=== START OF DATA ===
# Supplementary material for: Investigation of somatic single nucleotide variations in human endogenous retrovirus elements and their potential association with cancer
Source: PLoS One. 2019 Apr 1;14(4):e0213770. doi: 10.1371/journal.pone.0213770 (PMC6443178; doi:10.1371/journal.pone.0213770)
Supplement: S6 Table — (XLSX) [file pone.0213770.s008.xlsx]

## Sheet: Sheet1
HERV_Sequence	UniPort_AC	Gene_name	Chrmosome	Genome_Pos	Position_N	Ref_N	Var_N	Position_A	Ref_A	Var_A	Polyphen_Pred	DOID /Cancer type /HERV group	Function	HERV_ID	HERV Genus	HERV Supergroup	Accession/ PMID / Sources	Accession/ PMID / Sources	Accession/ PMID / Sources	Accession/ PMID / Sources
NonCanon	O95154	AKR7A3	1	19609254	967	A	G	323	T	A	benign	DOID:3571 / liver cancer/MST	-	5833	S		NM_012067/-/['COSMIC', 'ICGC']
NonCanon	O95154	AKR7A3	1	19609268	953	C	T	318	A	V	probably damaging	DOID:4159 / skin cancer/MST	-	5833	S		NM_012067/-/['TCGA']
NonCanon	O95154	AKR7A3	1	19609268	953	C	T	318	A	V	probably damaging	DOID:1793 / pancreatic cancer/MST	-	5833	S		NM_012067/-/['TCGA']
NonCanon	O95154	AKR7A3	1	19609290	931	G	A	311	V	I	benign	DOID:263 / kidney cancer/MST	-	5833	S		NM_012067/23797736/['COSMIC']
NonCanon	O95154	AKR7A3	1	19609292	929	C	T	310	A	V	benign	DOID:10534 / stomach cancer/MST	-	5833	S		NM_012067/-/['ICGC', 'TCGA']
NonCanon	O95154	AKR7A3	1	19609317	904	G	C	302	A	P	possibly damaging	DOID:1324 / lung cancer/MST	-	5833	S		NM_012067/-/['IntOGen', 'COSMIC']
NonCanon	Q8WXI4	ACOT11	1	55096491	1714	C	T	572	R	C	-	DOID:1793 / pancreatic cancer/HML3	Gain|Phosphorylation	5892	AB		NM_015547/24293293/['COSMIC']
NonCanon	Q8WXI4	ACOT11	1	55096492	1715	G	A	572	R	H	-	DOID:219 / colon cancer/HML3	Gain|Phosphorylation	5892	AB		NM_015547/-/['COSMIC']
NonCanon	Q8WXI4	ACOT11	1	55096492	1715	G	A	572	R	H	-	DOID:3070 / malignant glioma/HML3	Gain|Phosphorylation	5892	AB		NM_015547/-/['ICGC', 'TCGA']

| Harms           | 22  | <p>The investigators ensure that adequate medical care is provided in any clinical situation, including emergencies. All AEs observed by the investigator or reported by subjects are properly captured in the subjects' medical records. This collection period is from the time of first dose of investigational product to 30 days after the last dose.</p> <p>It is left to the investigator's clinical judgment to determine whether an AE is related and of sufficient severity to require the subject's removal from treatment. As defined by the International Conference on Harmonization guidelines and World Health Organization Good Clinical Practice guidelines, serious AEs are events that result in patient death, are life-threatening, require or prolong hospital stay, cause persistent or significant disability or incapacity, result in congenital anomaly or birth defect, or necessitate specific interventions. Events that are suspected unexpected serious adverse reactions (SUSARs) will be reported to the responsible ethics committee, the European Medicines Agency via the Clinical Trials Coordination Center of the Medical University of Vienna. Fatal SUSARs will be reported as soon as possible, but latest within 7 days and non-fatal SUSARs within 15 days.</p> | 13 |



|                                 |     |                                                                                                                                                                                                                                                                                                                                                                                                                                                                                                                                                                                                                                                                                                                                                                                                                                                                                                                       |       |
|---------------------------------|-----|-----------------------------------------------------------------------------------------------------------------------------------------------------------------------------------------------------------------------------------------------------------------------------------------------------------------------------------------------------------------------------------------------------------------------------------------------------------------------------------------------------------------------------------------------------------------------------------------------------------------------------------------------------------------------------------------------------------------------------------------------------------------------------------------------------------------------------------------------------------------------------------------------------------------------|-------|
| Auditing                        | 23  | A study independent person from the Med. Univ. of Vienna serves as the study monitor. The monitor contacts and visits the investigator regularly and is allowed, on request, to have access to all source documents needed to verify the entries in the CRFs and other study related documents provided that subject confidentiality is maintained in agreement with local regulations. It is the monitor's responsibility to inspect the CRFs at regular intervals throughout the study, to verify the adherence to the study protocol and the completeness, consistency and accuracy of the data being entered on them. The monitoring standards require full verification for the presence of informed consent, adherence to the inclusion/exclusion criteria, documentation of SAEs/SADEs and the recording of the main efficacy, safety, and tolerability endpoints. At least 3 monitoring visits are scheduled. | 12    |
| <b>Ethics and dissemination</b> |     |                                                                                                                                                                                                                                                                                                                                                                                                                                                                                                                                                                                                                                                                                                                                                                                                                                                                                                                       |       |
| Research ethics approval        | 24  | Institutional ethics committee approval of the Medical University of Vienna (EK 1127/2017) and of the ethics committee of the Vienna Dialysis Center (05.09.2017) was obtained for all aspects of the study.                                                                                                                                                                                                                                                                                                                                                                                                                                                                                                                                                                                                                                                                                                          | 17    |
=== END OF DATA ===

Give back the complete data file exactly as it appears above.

# Supplementary material for: Investigation of somatic single nucleotide variations in human endogenous retrovirus elements and their potential association with cancer
Source: PLoS One. 2019 Apr 1;14(4):e0213770. doi: 10.1371/journal.pone.0213770 (PMC6443178; doi:10.1371/journal.pone.0213770)
Supplement: S6 Table — (XLSX) [file pone.0213770.s008.xlsx]

## Sheet: Sheet1
HERV_Sequence	UniPort_AC	Gene_name	Chrmosome	Genome_Pos	Position_N	Ref_N	Var_N	Position_A	Ref_A	Var_A	Polyphen_Pred	DOID /Cancer type /HERV group	Function	HERV_ID	HERV Genus	HERV Supergroup	Accession/ PMID / Sources	Accession/ PMID / Sources	Accession/ PMID / Sources	Accession/ PMID / Sources
NonCanon	O95154	AKR7A3	1	19609254	967	A	G	323	T	A	benign	DOID:3571 / liver cancer/MST	-	5833	S		NM_012067/-/['COSMIC', 'ICGC']
NonCanon	O95154	AKR7A3	1	19609268	953	C	T	318	A	V	probably damaging	DOID:4159 / skin cancer/MST	-	5833	S		NM_012067/-/['TCGA']
NonCanon	O95154	AKR7A3	1	19609268	953	C	T	318	A	V	probably damaging	DOID:1793 / pancreatic cancer/MST	-	5833	S		NM_012067/-/['TCGA']
NonCanon	O95154	AKR7A3	1	19609290	931	G	A	311	V	I	benign	DOID:263 / kidney cancer/MST	-	5833	S		NM_012067/23797736/['COSMIC']
NonCanon	O95154	AKR7A3	1	19609292	929	C	T	310	A	V	benign	DOID:10534 / stomach cancer/MST	-	5833	S		NM_012067/-/['ICGC', 'TCGA']
NonCanon	O95154	AKR7A3	1	19609317	904	G	C	302	A	P	possibly damaging	DOID:1324 / lung cancer/MST	-	5833	S		NM_012067/-/['IntOGen', 'COSMIC']
NonCanon	Q8WXI4	ACOT11	1	55096491	1714	C	T	572	R	C	-	DOID:1793 / pancreatic cancer/HML3	Gain|Phosphorylation	5892	AB		NM_015547/24293293/['COSMIC']
NonCanon	Q8WXI4	ACOT11	1	55096492	1715	G	A	572	R	H	-	DOID:219 / colon cancer/HML3	Gain|Phosphorylation	5892	AB		NM_015547/-/['COSMIC']
NonCanon	Q8WXI4	ACOT11	1	55096492	1715	G	A	572	R	H	-	DOID:3070 / malignant glioma/HML3	Gain|Phosphorylation	5892	AB		NM_015547/-/['ICGC', 'TCGA']

| Harms           | 22  | <p>The investigators ensure that adequate medical care is provided in any clinical situation, including emergencies. All AEs observed by the investigator or reported by subjects are properly captured in the subjects' medical records. This collection period is from the time of first dose of investigational product to 30 days after the last dose.</p> <p>It is left to the investigator's clinical judgment to determine whether an AE is related and of sufficient severity to require the subject's removal from treatment. As defined by the International Conference on Harmonization guidelines and World Health Organization Good Clinical Practice guidelines, serious AEs are events that result in patient death, are life-threatening, require or prolong hospital stay, cause persistent or significant disability or incapacity, result in congenital anomaly or birth defect, or necessitate specific interventions. Events that are suspected unexpected serious adverse reactions (SUSARs) will be reported to the responsible ethics committee, the European Medicines Agency via the Clinical Trials Coordination Center of the Medical University of Vienna. Fatal SUSARs will be reported as soon as possible, but latest within 7 days and non-fatal SUSARs within 15 days.</p> | 13 |



|                                 |     |                                                                                                                                                                                                                                                                                                                                                                                                                                                                                                                                                                                                                                                                                                                                                                                                                                                                                                                       |       |
|---------------------------------|-----|-----------------------------------------------------------------------------------------------------------------------------------------------------------------------------------------------------------------------------------------------------------------------------------------------------------------------------------------------------------------------------------------------------------------------------------------------------------------------------------------------------------------------------------------------------------------------------------------------------------------------------------------------------------------------------------------------------------------------------------------------------------------------------------------------------------------------------------------------------------------------------------------------------------------------|-------|
| Auditing                        | 23  | A study independent person from the Med. Univ. of Vienna serves as the study monitor. The monitor contacts and visits the investigator regularly and is allowed, on request, to have access to all source documents needed to verify the entries in the CRFs and other study related documents provided that subject confidentiality is maintained in agreement with local regulations. It is the monitor's responsibility to inspect the CRFs at regular intervals throughout the study, to verify the adherence to the study protocol and the completeness, consistency and accuracy of the data being entered on them. The monitoring standards require full verification for the presence of informed consent, adherence to the inclusion/exclusion criteria, documentation of SAEs/SADEs and the recording of the main efficacy, safety, and tolerability endpoints. At least 3 monitoring visits are scheduled. | 12    |
| <b>Ethics and dissemination</b> |     |                                                                                                                                                                                                                                                                                                                                                                                                                                                                                                                                                                                                                                                                                                                                                                                                                                                                                                                       |       |
| Research ethics approval        | 24  | Institutional ethics committee approval of the Medical University of Vienna (EK 1127/2017) and of the ethics committee of the Vienna Dialysis Center (05.09.2017) was obtained for all aspects of the study.                                                                                                                                                                                                                                                                                                                                                                                                                                                                                                                                                                                                                                                                                                          | 17    |